The clearest sign of somebody who has not deployed to production is that they don't know of any, or the best they can come up with is "use a web proxy."
Here's my list, which I'm pretty sure is incomplete.
1. Some customers want to know the exact IP address and port you will connect to, and hard-code it in their firewall. Want to change cloud service providers? Forget it. Want to scale via DNS load balancing, or add a second server in Europe? Are you really going to go back and tell all those customers to open up more holes? Probably not.
2. Customers want you to use an HTTPS proxy. (No problem, everybody expects that.)
3. The HTTPS proxy is username and password protected. (No big deal.)
4. There are multiple ways to provide the username and password to the proxy. Are all of them supported? (Oops, we didn't turn on GSSAPI/Kerberos until a customer specifically requested it.)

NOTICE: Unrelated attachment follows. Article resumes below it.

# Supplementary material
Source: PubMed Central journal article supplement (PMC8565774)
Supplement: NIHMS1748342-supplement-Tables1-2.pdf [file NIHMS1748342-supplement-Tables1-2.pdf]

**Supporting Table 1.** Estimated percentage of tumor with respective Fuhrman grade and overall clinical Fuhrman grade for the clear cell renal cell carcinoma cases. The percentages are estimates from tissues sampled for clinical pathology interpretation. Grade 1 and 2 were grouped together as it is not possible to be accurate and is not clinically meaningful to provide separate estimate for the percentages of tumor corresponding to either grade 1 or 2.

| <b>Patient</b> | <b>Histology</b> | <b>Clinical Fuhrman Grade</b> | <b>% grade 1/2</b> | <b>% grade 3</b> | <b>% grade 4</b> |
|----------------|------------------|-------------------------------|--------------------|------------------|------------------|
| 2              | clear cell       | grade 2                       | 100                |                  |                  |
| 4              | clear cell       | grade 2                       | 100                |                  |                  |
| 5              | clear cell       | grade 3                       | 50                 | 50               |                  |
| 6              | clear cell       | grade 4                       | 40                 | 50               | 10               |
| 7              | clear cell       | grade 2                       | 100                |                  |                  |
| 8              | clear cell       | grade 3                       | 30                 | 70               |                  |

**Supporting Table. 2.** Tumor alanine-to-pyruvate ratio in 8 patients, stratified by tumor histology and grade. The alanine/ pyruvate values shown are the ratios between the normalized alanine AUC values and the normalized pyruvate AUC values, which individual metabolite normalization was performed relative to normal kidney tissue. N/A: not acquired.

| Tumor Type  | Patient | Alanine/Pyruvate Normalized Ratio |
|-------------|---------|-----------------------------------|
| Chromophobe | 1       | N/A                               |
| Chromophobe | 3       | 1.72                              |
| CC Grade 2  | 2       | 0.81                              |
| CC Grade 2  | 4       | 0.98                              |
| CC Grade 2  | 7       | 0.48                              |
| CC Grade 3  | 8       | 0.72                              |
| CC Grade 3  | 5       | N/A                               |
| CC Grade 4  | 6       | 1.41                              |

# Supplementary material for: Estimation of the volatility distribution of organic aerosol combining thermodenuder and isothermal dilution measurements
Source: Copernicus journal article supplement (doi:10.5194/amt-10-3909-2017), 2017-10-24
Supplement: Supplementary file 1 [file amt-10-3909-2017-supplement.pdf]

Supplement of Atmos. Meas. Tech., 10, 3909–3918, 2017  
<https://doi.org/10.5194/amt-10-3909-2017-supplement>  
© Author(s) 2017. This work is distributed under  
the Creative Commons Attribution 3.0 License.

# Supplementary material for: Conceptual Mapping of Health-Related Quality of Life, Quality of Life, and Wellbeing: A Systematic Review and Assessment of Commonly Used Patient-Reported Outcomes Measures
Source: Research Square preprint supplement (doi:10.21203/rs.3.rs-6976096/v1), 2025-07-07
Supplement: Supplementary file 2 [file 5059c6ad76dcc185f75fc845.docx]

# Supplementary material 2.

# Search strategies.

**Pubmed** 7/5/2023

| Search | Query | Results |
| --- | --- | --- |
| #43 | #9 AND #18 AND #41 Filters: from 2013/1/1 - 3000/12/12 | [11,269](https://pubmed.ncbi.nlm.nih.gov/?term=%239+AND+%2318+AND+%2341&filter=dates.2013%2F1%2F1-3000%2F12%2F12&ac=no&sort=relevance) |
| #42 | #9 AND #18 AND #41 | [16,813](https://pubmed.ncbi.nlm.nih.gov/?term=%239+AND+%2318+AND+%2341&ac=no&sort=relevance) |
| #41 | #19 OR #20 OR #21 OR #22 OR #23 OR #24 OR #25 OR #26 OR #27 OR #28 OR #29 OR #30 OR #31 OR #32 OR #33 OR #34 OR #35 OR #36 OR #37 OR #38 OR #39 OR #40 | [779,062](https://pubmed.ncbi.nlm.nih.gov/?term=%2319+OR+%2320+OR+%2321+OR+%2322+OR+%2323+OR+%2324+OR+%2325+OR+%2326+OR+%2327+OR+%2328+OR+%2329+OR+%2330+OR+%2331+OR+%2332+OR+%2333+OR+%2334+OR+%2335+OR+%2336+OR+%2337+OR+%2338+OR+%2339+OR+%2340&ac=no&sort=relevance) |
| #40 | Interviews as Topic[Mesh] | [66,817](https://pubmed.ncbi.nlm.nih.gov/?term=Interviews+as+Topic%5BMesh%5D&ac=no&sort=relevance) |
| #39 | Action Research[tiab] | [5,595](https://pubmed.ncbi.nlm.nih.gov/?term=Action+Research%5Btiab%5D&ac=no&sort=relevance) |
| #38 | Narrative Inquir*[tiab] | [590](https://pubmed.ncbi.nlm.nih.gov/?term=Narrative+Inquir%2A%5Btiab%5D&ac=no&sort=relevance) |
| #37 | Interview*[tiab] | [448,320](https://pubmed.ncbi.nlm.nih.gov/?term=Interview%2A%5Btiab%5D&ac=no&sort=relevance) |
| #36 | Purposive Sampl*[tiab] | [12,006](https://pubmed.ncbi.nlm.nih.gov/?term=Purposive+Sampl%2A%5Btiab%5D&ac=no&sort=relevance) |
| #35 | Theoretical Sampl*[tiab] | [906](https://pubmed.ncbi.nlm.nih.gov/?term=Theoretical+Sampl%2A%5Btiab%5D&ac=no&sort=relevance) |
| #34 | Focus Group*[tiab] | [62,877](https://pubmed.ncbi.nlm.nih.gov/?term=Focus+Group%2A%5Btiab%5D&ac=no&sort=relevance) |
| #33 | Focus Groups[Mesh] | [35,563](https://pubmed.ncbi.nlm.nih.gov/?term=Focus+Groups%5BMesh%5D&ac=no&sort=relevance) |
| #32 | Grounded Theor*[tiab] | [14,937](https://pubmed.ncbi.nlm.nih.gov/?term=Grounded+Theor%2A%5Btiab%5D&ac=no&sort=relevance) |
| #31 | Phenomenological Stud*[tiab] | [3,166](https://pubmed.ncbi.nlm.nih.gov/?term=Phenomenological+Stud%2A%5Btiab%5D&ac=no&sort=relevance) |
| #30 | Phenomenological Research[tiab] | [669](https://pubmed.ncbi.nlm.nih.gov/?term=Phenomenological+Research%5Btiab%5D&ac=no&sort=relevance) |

5. Some customers install a proxy that spoofs HTTPS, so you get a certificate mismatch. Does your code give up at that point, or ignore the error and do application-level authentication and application-level encryption? (If so, what is the point of HTTPS? Well, some customers won't support HTTP going out.)
6. Some proxies support HTTPS but not WebSockets.
7. The customer wants you to use a web proxy, and also to configure that web proxy to only allow your box access to one server.
8. An isolated storage network is standard. Some customers put the admin interface on a separate network too. (This is not too different from having no access at all.)
9. Some proxies have maximum connection lifetimes or maximum request sizes configured.